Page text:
"My hairdresser refused to give my child the haircut I wanted. Her message was clear."

I made an emergency trip to the hairdresser last weekend. My daughter had decided to give herself a haircut, because her hair was getting in her eyes when she was riding her bike.

(Let me just say, my daughter has had no formal hairdressing training. I also have the feeling there was no mirror involved when she gave herself the haircut.)

Anyway, the hairdresser trimmed a bit here and there from my daughter’s bob.

“How about shorter?” I said, eyeing off the uneven bit near the front where my daughter had hacked into it.

The hairdresser was firm.

“No. No shorter.”

“Just a bit?”


The message was clear. Don’t cut your daughter’s hair too short, or she’ll look like a boy. It’s better for a girl to have slightly wonky hair than very short hair.

Cuuuuuute. Right? Photo via iStock.

It's not just my hairdresser who thinks this way. Decades after women's lib, there's still a very strong belief that girls, especially young girls, should have long hair. And quite often, it's mothers who are pushing it.

Start typing "daughter wants to cut hair short" into Google, and you get some weird stories. There's the mum blogging for The New York Times who won't let her tearful six-year-old cut her tangle-prone mess of curls because "I feel that when you are given a gift of hair like that, you appreciate it". There's the mum posting on Quora whose 13-year-old daughter wants a pixie cut "but I think it might make her look homosexual or like a boy". Then there's the mum on The Well-Trained Mind whose 15-year-old daughter wants to donate her hair to Locks Of Love, but "I just plain do not want her hair to be that short".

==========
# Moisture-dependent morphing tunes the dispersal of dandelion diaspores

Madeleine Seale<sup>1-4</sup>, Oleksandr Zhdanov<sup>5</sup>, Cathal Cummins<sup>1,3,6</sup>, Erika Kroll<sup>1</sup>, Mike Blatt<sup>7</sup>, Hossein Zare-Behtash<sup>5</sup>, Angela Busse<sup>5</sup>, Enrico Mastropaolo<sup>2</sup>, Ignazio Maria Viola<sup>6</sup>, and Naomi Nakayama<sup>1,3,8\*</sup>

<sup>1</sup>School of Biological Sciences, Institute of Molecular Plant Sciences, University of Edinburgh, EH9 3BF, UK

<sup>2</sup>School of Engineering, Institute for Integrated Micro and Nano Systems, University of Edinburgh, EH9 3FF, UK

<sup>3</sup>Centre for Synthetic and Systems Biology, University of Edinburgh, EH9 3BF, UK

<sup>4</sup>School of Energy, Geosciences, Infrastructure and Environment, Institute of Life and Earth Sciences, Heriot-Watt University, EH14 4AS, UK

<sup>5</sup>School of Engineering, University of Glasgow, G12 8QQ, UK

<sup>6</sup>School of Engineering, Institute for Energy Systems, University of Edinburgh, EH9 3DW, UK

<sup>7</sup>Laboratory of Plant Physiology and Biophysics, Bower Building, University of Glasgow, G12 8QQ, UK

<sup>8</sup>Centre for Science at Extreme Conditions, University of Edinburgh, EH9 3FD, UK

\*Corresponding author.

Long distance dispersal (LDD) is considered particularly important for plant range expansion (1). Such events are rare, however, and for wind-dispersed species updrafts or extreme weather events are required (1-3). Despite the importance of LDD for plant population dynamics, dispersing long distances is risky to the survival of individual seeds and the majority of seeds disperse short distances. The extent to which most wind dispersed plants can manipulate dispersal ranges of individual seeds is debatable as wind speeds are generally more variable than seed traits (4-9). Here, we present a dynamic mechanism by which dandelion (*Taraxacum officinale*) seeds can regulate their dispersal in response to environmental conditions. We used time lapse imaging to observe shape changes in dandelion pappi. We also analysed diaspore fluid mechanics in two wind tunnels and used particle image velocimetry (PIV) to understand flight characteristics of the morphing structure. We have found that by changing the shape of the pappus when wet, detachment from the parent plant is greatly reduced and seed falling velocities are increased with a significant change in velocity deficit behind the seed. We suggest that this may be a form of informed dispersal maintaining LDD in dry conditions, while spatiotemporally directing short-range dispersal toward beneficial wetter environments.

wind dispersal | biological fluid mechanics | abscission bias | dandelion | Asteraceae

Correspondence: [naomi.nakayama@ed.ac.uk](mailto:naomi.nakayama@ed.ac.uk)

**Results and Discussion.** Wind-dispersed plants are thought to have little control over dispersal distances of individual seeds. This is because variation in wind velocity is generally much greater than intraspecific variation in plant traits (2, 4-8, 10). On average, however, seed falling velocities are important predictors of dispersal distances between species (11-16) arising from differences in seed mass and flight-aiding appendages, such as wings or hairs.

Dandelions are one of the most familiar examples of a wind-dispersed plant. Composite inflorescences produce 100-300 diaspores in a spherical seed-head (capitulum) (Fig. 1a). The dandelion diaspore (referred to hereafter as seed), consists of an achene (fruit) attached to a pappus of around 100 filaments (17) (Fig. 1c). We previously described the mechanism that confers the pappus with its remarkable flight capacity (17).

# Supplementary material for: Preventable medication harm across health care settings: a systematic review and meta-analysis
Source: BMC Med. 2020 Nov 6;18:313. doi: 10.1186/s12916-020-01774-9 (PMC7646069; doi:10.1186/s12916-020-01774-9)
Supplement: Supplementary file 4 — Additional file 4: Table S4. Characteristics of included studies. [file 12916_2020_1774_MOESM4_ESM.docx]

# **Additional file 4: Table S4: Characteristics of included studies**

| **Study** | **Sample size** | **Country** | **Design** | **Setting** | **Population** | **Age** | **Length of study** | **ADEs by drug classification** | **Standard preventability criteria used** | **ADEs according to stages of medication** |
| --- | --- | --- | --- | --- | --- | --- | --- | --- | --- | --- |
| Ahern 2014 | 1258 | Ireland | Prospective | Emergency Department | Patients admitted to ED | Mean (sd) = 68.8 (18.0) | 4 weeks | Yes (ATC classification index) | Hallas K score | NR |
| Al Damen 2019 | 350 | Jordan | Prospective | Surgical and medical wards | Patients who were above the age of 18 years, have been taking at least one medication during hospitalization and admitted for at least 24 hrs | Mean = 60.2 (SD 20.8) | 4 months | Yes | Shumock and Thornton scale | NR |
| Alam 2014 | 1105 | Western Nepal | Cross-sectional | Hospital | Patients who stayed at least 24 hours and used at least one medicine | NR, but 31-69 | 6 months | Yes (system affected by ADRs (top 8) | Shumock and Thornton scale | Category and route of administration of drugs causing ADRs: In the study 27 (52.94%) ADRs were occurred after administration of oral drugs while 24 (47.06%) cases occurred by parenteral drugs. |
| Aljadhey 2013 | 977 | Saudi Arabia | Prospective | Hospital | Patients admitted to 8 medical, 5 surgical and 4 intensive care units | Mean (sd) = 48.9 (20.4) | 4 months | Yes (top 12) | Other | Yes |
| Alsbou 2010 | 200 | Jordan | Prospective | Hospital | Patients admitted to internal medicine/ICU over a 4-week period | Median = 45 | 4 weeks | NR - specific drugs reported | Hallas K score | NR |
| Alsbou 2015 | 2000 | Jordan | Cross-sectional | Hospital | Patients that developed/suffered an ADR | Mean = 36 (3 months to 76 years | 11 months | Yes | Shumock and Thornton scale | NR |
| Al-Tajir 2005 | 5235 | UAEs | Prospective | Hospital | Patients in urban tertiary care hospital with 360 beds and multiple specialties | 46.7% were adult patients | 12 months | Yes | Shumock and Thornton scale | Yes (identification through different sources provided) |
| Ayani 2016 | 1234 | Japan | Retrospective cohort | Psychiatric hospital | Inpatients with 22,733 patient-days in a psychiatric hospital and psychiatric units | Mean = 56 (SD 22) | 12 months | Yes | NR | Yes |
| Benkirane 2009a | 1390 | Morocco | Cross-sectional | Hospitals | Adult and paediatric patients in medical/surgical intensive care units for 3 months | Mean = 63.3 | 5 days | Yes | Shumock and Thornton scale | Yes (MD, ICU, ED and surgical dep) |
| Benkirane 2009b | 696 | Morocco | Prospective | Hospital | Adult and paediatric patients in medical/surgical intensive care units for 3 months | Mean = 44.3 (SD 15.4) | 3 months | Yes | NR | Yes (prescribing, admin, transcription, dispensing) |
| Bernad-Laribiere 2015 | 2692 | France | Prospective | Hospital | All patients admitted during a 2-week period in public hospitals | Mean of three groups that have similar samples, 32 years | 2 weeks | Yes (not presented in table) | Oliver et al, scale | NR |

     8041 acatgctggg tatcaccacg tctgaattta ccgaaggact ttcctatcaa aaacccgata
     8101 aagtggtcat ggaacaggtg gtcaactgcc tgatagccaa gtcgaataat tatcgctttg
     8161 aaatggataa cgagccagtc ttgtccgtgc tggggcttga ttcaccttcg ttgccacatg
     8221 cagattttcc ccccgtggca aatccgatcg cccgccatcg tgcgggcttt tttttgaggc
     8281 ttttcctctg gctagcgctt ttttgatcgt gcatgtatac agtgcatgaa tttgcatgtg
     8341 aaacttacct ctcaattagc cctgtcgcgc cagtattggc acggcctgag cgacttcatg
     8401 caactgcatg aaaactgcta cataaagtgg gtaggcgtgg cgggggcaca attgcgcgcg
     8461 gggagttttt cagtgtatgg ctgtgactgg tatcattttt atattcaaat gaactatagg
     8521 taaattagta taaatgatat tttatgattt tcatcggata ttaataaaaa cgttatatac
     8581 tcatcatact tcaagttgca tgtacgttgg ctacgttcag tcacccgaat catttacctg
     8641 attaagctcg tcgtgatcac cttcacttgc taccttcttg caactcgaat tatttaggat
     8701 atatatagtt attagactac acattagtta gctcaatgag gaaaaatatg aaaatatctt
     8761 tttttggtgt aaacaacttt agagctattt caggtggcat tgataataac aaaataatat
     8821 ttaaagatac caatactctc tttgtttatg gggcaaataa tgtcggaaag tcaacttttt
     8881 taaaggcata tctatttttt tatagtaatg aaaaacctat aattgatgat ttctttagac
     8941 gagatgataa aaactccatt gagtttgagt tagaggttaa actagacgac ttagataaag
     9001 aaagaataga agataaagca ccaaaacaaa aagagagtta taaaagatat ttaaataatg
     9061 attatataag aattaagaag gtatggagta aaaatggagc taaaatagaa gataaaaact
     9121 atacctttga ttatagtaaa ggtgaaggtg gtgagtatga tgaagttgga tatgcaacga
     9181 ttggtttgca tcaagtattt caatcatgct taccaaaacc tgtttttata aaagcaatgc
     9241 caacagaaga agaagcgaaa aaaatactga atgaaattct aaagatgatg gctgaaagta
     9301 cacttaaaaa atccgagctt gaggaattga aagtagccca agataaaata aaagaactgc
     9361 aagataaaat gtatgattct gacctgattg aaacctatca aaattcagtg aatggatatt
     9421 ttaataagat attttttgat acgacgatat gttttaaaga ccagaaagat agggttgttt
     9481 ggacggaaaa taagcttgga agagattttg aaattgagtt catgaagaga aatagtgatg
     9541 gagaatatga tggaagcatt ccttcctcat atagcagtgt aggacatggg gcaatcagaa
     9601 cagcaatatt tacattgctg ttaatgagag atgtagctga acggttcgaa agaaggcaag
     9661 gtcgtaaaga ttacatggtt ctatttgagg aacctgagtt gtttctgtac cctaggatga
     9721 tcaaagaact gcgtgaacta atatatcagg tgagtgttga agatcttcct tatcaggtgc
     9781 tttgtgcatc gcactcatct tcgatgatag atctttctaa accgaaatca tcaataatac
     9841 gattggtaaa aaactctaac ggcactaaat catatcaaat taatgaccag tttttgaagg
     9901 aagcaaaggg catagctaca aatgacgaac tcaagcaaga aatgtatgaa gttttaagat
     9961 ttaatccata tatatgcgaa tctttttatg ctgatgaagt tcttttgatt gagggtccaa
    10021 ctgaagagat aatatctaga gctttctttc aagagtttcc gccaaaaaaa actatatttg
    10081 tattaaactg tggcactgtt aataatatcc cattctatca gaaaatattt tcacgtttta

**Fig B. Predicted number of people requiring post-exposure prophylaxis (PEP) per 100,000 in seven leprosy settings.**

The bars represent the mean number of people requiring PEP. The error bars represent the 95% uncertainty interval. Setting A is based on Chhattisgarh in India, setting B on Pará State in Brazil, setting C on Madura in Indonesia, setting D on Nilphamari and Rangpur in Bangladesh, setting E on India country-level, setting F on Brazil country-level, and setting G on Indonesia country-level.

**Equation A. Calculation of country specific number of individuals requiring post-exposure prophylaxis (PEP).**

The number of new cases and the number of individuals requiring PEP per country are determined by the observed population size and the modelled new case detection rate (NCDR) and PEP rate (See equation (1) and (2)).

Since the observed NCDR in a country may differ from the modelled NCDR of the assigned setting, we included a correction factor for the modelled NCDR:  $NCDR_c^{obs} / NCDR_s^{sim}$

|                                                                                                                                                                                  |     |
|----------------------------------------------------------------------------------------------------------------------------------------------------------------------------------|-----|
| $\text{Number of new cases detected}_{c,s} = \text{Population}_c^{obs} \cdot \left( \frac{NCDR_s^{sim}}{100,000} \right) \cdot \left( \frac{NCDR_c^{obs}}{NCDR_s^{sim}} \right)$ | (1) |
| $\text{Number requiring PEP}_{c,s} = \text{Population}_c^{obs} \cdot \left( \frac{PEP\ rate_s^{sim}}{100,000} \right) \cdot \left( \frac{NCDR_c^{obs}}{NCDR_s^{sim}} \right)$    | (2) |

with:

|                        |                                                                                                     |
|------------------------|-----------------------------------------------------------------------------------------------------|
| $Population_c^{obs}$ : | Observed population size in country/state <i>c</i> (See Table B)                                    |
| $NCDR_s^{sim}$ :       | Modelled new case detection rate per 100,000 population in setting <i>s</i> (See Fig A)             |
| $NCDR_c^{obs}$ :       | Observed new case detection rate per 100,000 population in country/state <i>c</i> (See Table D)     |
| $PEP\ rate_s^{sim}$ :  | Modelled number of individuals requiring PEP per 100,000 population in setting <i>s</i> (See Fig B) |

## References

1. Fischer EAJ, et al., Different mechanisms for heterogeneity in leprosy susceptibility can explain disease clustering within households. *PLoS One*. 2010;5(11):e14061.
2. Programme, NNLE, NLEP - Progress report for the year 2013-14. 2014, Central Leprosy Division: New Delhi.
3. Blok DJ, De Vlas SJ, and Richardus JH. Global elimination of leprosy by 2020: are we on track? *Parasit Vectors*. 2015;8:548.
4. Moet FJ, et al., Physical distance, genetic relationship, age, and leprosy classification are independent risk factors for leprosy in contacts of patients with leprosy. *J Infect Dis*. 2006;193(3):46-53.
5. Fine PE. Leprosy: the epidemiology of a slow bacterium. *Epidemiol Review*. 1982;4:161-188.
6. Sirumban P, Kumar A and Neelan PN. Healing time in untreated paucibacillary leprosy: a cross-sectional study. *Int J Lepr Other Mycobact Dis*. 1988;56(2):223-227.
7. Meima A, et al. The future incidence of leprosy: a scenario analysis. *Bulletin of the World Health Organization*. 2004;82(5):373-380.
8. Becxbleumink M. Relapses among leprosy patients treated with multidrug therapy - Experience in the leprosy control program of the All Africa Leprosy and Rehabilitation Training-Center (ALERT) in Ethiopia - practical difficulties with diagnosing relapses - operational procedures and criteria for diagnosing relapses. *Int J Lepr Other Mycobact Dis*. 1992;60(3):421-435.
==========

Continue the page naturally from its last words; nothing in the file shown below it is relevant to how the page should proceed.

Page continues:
Step back, control freaks!

I've seen local mums discussing it online. One mother, upset that her young daughter wanted a "boy" cut, begged for help from other mums about how to talk her out of it. No one smacked her down with, "Oh, it's her goddamn hair, let her do what the hell she wants with it."

No wonder so many teenage girls are obsessed with their looks.

Short hair, adult-style. Photo via iStock.

Yes, even today, it can still be a big deal for a girl or a woman to cut her hair short, especially super-short. I've had hairdressers - before my current one - say to me, "Shorter? Above the ears? Really? Are you sure?" Yeah, I'm sure. I've never regretted going from waist-length locks to a pixie cut (only the appalling "styles" I had in between).

I like the way it looks. I think short hair suits the shape of my face more than long hair. But there's more to it than that. It's like sending out a message, saying, "Oh, I don't fit your ideal of a pretty, feminine woman? Cool."

One friend who chopped her hair off confided in me, "You know, I'm attracting a better class of guy now that I've got short hair."

As for my daughter, well, the hairdresser worked a bit of magic and made her hair look acceptable in the end. My daughter was happy with it, so I didn't push the issue. But the minute she decides she wants a pixie cut, it's all coming off.